Food & Diet
9 Biggest Red Flags on Food Labels
Living healthy has become such a global phenomenon and it has gotten all of us to be more conscious about the decisions we make in the supermarket. But the clever marketing ploys of most food companies are playing into your sensibilities and misleading you more than you know.
Here are some of the red flags on food labels that you have to look out for and avoid:
Whether the label says naturally or artificially flavored, the fact that the food manufacturer had to add more flavoring to your food really should say something. Both types of flavoring are synthesized in the lab except that the USFDA defines natural flavoring as: “Natural flavor is the essential oil, oleoresin, essence or extractive, protein hydrolysate, distillate, or any product of roasting, heating or enzymolysis which contains the flavoring constituents from a spice, fruit or fruit juice…” and artificial flavoring is anything that does not meet the definition.
What is not mentioned in the definition is the specific way in which these flavors are extracted (which goes as far as producing it from bugs).
The word ‘nectar’ sounds awfully wholesome, doesn’t it? Like nectar of the gods or like nectar of bees or something like that. Well the fruit nectar sold in supermarkets is anything but wholesome. The FDA states that the term ‘nectar’ is generally used for fruit concentrates that may contain fruit juice concentrate or puree, water and may contain sweeteners. The most common sweeteners in these sorts of products, sadly, would be high fructose corn syrup.
Don’t be fooled by that authoritative looking stamp on the juice box. Just because it says pure doesn’t mean it’s not a cocktail of chemicals and flavoring. If you’ve ever had freshly squeezed orange juice, you would know that nothing that comes in a box tastes nearly as fresh and light as the freshly squeezed type. Well, that’s mostly because the “pure” orange juice you just bought needs chemicals and preservatives for a longer shelf life.
Fat is flavor, I think we can all agree to that, so what do food manufacturers do with the food once they’ve taken out all the fat? Well, for one thing they add loads and loads of artificial flavoring and sugar to make up for the loss in taste. Second, we actually need some fat to round out a healthy diet. Besides, the fat-free versions of most processed foods usually taste really bad. Instead of picking a tub of fat-free ice cream, just buy the regular ones and portion control instead.
The only real way to get all-natural food is to steer clear of any processed food and head to the whole foods section. So if you spot an ‘all-natural’ label on processed food, don’t be fooled. All-natural means nothing. According to the FDA there’s no standard as to what constitutes as all-natural, and so the term is widely open for imaginative interpretation. The only place where this stamp matters is when you are purchasing meat and poultry. All natural meat and poultry means that the meat has no artificial flavors, colors or chemical preservatives.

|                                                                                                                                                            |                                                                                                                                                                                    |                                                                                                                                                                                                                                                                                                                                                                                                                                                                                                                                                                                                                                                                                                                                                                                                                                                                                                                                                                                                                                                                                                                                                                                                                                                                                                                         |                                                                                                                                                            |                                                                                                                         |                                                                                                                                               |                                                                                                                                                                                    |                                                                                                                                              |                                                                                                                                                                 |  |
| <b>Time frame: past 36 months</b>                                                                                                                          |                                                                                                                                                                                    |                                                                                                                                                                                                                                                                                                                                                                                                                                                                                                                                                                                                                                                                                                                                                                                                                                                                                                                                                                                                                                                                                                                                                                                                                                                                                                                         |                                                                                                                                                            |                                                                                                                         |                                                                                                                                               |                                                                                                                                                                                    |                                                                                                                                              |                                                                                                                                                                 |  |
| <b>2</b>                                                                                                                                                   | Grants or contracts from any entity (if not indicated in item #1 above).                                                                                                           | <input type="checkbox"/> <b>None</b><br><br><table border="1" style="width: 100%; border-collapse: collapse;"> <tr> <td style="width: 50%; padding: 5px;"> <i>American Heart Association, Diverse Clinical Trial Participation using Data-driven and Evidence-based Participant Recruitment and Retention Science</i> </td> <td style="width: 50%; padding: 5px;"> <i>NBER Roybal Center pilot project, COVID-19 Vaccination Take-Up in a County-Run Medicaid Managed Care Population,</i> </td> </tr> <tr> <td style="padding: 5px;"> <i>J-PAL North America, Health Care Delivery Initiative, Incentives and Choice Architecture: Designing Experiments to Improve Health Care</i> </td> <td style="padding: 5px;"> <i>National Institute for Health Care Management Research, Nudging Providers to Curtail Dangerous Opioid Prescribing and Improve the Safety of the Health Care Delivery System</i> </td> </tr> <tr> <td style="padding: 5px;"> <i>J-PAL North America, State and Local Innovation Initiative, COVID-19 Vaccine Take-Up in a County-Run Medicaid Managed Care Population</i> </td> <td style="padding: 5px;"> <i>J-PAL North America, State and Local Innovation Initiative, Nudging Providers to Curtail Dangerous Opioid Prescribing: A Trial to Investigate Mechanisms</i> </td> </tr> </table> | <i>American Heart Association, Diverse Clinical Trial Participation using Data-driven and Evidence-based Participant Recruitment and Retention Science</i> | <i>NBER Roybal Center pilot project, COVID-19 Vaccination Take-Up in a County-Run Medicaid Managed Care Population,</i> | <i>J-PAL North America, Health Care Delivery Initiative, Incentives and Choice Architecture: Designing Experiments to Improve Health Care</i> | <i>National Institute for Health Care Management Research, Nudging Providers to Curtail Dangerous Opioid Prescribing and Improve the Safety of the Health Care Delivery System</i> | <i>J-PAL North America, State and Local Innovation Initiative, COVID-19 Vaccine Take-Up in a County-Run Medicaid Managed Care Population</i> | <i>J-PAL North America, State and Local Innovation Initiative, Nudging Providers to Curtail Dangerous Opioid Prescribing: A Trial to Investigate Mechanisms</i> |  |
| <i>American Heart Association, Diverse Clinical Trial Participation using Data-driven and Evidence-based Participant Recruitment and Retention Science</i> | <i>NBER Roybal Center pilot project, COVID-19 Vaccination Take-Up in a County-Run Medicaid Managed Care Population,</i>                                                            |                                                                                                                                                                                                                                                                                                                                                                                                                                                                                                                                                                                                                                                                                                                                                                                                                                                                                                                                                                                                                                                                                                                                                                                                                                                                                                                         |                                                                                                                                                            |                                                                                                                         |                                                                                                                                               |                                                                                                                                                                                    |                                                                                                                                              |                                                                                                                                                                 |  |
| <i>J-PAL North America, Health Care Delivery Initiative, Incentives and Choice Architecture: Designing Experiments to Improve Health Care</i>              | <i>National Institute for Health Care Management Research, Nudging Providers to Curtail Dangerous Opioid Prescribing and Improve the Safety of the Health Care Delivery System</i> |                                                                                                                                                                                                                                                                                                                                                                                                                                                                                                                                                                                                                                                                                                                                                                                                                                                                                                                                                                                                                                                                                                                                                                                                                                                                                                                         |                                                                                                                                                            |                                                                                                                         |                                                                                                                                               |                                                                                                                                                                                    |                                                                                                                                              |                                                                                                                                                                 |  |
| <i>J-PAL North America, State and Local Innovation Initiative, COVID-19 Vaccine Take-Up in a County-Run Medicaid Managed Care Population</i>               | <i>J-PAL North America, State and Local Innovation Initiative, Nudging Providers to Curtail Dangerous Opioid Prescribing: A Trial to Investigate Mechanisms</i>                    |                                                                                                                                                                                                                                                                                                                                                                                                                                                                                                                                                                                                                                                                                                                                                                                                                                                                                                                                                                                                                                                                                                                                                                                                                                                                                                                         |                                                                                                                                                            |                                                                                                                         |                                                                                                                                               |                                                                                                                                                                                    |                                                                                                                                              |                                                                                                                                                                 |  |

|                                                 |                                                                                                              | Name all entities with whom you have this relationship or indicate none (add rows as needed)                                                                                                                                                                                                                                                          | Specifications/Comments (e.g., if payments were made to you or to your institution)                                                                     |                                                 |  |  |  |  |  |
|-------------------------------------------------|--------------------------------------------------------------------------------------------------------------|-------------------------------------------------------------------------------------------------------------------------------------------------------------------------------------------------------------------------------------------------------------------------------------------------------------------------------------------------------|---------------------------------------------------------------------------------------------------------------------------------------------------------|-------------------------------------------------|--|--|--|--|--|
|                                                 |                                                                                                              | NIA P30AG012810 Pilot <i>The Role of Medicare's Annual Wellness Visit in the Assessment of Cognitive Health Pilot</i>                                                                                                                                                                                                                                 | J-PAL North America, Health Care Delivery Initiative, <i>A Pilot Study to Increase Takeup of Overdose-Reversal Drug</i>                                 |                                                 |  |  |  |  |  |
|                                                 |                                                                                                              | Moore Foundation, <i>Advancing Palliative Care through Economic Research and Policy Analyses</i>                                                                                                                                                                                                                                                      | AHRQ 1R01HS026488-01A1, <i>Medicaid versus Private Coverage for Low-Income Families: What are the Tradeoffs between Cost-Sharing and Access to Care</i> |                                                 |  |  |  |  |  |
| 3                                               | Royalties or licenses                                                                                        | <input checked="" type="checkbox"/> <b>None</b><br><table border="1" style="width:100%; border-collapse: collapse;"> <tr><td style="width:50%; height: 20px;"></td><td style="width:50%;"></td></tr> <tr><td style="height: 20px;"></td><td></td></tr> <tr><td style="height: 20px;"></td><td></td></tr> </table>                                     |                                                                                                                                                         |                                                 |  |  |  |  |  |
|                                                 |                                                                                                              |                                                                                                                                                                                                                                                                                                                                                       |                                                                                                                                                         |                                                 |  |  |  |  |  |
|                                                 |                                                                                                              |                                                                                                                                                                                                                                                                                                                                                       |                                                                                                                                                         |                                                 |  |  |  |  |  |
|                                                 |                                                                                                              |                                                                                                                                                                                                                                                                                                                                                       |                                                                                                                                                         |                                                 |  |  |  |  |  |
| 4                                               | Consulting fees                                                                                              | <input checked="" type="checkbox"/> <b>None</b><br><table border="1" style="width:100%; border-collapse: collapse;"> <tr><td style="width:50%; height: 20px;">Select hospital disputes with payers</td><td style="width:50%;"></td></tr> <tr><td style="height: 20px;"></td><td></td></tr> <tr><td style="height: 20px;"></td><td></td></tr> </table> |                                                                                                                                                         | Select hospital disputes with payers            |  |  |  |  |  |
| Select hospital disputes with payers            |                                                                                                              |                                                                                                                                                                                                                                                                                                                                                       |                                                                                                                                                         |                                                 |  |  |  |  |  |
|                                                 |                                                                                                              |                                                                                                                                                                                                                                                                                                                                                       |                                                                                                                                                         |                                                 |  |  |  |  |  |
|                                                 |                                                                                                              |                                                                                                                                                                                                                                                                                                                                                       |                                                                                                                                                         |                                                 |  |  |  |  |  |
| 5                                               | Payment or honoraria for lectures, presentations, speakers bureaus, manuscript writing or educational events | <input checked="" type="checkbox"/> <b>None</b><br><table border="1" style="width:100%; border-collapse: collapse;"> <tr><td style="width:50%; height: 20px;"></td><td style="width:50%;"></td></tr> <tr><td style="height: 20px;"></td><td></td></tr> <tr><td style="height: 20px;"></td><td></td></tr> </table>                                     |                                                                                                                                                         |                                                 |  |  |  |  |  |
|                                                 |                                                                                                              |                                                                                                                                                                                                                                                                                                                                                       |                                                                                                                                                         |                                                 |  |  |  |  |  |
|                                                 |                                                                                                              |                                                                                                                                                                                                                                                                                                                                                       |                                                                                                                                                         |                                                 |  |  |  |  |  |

We’re not going to deny how helpful fortified food has been in the battle against malnutrition, especially in developing countries, but a lot of the fortified foods on the market tend to be extremely processed. The nutrients added into these processed foods are nearly always synthetic too and may do more harm than good to your body. A lot of times these vitamins are not even really that high in bioavailability as compared to high quality protein and produce.
The moment you see ‘sugar-free on a label you can be sure that the food was sweetened artificially. Sugar-free food is usually flavored with artificial (read chemical) sweeteners. The most common of which is aspartame, a type of sweetener that is often linked to certain types of cancer.
Cholesterol is something that is only found in meat products. So it is both surprising and deceptive to find this label on plant based food that would typically not have cholesterol anyway. This is a sneaky marketing ploy that will have you eating more of something that is not really any healthier than all the other brands on the market that don’t have the same stamp, thinking that it is somehow a healthier alternative.
- ‘Reduced/Low Sodium’
This is another one of those cases where it’s really all about marketing. Just because it has reduced sodium levels doesn’t mean it’s automatically healthy. The labels can mean anywhere between 25-50% less sodium, but if the food product in question contains 250% of your daily sodium requirements, a reduction of 50% doesn’t really make a difference. To really crack down on your sodium intake, eat less processed food and make more of your food at home so that you can control the amounts of sodium you put in.